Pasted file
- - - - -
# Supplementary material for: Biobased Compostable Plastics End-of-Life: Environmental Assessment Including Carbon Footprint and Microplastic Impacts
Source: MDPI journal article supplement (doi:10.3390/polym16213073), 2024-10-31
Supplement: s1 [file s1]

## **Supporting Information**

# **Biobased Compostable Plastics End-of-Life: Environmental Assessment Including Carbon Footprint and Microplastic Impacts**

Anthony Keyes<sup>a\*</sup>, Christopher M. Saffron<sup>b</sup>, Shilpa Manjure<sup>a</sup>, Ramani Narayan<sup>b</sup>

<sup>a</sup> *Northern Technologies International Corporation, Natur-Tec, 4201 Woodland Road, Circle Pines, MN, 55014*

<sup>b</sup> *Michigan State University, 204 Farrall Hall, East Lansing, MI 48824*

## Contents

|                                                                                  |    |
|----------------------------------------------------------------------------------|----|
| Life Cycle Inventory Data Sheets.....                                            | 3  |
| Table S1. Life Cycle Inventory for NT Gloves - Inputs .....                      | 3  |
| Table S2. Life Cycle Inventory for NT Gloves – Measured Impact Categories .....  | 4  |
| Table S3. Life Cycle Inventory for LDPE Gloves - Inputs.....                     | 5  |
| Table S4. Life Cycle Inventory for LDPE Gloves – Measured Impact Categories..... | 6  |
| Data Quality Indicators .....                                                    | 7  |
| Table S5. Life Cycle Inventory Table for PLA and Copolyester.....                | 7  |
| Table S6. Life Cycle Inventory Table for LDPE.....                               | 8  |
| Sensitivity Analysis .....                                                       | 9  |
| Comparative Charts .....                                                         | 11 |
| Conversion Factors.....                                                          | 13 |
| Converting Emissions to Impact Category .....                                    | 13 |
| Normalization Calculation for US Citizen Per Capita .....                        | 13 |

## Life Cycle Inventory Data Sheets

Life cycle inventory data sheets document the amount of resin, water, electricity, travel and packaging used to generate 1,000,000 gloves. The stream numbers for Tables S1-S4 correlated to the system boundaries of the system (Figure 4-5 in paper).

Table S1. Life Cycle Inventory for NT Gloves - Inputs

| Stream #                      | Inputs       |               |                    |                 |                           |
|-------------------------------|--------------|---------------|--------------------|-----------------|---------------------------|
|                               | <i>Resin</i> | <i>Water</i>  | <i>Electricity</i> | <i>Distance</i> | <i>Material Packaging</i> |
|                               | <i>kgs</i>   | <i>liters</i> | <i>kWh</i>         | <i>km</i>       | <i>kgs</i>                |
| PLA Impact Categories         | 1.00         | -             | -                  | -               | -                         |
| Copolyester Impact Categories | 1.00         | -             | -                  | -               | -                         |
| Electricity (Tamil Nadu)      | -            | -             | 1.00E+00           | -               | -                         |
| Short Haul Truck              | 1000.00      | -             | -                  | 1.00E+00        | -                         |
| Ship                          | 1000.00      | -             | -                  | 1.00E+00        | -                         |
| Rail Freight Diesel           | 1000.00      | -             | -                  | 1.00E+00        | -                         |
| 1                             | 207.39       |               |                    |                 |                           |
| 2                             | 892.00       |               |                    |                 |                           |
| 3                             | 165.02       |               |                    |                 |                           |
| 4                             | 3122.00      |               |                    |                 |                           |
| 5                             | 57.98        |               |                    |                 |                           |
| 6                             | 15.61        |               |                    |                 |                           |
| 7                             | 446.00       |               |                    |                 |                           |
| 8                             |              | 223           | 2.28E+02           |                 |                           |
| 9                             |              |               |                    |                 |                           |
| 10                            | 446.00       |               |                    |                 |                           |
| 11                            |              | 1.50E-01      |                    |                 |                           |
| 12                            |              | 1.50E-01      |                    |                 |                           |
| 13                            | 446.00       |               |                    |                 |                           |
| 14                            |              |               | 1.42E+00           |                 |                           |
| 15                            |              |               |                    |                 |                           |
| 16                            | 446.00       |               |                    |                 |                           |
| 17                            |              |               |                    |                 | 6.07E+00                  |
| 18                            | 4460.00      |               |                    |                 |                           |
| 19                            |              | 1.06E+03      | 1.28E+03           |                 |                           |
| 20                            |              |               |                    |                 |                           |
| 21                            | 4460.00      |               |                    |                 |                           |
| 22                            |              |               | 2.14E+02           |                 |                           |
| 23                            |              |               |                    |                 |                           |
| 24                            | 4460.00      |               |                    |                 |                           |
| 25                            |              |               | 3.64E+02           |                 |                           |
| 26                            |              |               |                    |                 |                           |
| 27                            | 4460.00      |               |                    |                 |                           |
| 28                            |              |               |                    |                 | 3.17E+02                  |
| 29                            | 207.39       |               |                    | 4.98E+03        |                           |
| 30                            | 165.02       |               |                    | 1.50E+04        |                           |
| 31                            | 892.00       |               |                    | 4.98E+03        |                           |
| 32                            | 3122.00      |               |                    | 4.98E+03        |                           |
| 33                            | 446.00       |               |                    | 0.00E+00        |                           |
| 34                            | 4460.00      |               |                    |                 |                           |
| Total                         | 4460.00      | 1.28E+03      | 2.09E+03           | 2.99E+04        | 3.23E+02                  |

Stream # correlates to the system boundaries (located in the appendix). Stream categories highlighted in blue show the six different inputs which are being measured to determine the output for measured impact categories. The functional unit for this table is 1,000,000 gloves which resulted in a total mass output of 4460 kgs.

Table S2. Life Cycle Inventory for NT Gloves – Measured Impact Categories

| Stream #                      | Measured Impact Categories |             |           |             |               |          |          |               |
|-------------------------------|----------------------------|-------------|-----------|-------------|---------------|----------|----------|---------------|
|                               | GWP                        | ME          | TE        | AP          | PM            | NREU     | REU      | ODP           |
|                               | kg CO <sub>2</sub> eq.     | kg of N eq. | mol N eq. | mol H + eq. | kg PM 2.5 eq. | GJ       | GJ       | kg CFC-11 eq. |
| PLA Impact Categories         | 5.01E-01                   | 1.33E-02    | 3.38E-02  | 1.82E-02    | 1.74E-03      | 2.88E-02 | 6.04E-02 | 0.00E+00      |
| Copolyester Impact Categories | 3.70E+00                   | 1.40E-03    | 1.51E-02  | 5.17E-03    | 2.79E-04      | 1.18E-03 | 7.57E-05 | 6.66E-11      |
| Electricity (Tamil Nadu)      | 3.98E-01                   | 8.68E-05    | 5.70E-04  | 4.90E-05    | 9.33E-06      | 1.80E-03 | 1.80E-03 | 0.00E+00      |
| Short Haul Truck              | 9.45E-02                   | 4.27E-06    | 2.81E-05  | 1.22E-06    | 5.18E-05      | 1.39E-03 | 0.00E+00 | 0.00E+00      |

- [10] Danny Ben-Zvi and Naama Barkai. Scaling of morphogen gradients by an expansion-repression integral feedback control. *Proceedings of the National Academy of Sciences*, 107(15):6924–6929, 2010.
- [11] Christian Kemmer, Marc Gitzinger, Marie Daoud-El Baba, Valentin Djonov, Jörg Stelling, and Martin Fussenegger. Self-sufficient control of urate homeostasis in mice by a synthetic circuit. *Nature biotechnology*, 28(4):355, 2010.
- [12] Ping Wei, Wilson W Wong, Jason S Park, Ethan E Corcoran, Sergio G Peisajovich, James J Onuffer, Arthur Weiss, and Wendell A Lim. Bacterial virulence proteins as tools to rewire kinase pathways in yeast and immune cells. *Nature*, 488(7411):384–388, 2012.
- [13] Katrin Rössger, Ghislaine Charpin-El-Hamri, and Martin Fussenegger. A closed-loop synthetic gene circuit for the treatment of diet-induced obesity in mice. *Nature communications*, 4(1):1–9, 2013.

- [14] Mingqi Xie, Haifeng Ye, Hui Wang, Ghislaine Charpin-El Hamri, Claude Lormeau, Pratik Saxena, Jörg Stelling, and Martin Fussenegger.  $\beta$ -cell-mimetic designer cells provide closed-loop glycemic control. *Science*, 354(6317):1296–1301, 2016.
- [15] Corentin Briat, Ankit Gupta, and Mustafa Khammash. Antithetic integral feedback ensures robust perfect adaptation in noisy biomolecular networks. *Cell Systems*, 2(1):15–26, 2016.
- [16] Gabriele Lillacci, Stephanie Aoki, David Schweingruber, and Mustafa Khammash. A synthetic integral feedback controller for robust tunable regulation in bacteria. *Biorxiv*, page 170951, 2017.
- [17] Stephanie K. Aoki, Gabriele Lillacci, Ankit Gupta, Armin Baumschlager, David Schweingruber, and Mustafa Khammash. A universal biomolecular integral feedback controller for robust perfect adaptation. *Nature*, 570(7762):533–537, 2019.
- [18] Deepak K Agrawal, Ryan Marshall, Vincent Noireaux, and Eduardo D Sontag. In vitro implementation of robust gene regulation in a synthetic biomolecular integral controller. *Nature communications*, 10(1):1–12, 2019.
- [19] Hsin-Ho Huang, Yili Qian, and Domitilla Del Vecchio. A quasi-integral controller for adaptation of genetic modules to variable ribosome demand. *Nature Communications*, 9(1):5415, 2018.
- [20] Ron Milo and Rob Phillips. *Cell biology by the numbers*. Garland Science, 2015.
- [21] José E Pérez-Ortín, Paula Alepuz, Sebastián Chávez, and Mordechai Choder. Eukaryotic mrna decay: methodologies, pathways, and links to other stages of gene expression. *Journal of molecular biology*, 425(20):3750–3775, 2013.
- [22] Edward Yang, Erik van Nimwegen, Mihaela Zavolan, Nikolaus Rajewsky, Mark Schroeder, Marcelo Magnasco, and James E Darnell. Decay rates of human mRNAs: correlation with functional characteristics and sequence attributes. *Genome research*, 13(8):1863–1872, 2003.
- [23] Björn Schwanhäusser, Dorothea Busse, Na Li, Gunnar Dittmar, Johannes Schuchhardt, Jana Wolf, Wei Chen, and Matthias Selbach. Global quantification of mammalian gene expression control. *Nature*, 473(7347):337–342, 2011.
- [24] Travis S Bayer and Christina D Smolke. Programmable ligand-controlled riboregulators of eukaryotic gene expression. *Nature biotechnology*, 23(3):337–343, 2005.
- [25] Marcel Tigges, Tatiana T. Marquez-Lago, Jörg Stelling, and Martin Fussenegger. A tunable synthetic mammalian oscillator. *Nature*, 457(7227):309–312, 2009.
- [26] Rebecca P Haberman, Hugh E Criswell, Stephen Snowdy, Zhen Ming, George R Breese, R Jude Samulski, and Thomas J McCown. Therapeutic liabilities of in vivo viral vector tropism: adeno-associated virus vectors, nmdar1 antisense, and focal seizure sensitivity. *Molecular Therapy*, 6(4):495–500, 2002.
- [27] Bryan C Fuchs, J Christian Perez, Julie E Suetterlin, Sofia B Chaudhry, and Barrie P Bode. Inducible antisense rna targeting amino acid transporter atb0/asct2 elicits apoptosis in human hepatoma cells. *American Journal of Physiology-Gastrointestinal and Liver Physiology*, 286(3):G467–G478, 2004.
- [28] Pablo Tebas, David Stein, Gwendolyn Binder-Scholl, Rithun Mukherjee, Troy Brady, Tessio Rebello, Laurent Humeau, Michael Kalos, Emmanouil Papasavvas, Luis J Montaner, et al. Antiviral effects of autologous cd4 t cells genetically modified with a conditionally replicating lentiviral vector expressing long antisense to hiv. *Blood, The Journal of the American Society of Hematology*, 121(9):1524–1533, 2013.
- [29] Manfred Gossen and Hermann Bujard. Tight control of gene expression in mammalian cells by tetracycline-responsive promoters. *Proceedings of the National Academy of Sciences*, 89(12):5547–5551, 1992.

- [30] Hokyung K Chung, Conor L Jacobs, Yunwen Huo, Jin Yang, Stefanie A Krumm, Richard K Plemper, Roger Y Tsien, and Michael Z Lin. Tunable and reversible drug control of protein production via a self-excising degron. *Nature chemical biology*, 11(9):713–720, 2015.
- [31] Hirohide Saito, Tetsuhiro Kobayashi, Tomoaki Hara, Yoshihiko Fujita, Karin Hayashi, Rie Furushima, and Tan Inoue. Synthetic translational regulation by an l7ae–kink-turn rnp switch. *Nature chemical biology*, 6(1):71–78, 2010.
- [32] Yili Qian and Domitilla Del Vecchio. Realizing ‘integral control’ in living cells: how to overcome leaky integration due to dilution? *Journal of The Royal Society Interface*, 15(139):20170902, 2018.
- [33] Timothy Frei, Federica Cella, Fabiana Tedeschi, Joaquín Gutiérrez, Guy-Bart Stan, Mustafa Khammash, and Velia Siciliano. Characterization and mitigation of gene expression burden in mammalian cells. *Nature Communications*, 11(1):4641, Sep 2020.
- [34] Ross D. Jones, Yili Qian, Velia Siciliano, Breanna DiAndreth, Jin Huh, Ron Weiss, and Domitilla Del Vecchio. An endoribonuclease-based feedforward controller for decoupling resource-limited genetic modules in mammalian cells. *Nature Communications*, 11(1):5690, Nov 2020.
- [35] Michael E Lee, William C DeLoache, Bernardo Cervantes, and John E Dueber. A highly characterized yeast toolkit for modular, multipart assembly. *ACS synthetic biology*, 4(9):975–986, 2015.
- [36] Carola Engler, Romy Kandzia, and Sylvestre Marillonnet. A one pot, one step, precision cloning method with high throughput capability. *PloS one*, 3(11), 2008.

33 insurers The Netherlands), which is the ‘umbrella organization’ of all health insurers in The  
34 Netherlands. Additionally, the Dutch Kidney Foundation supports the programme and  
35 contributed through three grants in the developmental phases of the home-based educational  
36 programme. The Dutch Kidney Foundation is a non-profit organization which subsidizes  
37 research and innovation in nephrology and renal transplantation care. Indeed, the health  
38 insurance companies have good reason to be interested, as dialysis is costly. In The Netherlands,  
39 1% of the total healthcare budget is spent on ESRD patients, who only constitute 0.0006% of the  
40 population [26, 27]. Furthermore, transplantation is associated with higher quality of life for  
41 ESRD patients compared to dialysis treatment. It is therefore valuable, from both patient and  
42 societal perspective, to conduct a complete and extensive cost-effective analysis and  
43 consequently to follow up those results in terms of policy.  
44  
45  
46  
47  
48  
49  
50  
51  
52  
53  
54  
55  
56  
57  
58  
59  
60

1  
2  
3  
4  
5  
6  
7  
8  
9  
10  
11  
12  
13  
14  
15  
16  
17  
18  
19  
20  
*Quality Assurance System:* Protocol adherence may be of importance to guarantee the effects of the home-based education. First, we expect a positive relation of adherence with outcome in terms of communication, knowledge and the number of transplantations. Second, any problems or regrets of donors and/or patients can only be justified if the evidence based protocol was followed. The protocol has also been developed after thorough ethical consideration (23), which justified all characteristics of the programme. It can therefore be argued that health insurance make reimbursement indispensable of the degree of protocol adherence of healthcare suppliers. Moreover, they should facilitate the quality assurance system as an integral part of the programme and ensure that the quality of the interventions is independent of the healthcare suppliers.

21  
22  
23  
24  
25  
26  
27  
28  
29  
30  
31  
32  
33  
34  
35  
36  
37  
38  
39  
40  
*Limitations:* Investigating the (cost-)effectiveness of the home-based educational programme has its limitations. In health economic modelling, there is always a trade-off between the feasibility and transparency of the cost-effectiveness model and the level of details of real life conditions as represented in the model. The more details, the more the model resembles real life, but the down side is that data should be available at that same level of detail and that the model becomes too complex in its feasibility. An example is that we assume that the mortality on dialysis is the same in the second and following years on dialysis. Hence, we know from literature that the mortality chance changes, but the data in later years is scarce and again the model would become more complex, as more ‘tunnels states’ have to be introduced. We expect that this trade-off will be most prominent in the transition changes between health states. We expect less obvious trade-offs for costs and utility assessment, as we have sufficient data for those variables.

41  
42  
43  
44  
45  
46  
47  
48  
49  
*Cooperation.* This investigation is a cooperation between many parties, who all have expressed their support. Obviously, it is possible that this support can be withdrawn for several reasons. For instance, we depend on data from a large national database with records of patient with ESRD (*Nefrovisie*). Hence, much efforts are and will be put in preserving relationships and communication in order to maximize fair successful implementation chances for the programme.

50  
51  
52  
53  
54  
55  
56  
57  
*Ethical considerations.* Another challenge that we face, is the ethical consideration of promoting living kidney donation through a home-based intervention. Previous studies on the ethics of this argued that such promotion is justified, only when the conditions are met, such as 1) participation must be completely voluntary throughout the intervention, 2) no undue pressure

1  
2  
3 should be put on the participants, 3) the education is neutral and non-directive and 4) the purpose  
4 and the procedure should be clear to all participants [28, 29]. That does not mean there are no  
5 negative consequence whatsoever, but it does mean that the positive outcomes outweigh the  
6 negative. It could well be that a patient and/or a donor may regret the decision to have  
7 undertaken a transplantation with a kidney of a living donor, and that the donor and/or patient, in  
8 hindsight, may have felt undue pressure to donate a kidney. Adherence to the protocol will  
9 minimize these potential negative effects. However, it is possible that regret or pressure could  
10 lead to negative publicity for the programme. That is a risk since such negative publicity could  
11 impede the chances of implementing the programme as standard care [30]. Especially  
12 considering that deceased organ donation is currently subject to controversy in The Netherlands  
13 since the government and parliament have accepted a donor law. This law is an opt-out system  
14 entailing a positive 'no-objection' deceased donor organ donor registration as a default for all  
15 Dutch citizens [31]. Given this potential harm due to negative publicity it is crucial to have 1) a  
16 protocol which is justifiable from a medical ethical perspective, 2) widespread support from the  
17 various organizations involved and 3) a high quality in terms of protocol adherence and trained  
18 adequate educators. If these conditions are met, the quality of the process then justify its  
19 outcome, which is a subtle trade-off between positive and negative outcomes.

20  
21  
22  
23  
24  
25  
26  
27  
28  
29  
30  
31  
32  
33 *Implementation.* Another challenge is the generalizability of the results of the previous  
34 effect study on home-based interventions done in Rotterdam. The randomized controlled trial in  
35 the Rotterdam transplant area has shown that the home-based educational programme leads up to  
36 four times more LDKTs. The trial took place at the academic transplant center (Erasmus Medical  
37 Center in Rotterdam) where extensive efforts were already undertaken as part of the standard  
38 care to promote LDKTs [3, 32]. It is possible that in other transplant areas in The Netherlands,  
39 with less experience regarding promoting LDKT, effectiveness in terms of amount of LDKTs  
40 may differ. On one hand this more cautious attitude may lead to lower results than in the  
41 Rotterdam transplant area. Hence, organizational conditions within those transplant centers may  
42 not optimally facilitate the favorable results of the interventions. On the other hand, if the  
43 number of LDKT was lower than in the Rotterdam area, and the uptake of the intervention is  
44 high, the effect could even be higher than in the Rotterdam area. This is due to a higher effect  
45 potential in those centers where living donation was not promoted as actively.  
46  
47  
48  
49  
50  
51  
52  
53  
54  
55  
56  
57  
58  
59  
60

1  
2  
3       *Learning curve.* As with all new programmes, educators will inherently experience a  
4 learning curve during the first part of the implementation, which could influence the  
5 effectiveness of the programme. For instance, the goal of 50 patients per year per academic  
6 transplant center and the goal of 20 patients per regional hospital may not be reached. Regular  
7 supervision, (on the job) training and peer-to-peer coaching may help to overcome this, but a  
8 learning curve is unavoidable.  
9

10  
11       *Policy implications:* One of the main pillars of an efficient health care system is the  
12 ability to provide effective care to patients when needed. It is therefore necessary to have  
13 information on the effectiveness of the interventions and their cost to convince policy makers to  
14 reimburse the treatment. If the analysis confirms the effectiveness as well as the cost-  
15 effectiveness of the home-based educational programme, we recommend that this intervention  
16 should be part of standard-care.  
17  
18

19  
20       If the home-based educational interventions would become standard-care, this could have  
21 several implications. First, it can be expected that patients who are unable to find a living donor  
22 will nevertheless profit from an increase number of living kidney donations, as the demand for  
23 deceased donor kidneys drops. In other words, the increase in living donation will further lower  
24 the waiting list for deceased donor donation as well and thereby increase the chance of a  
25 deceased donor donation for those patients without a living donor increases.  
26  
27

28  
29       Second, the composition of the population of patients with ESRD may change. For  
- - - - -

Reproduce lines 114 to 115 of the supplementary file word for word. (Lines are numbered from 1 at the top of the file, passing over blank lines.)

37 research and innovation in nephrology and renal transplantation care. Indeed, the health  
38 insurance companies have good reason to be interested, as dialysis is costly. In The Netherlands,  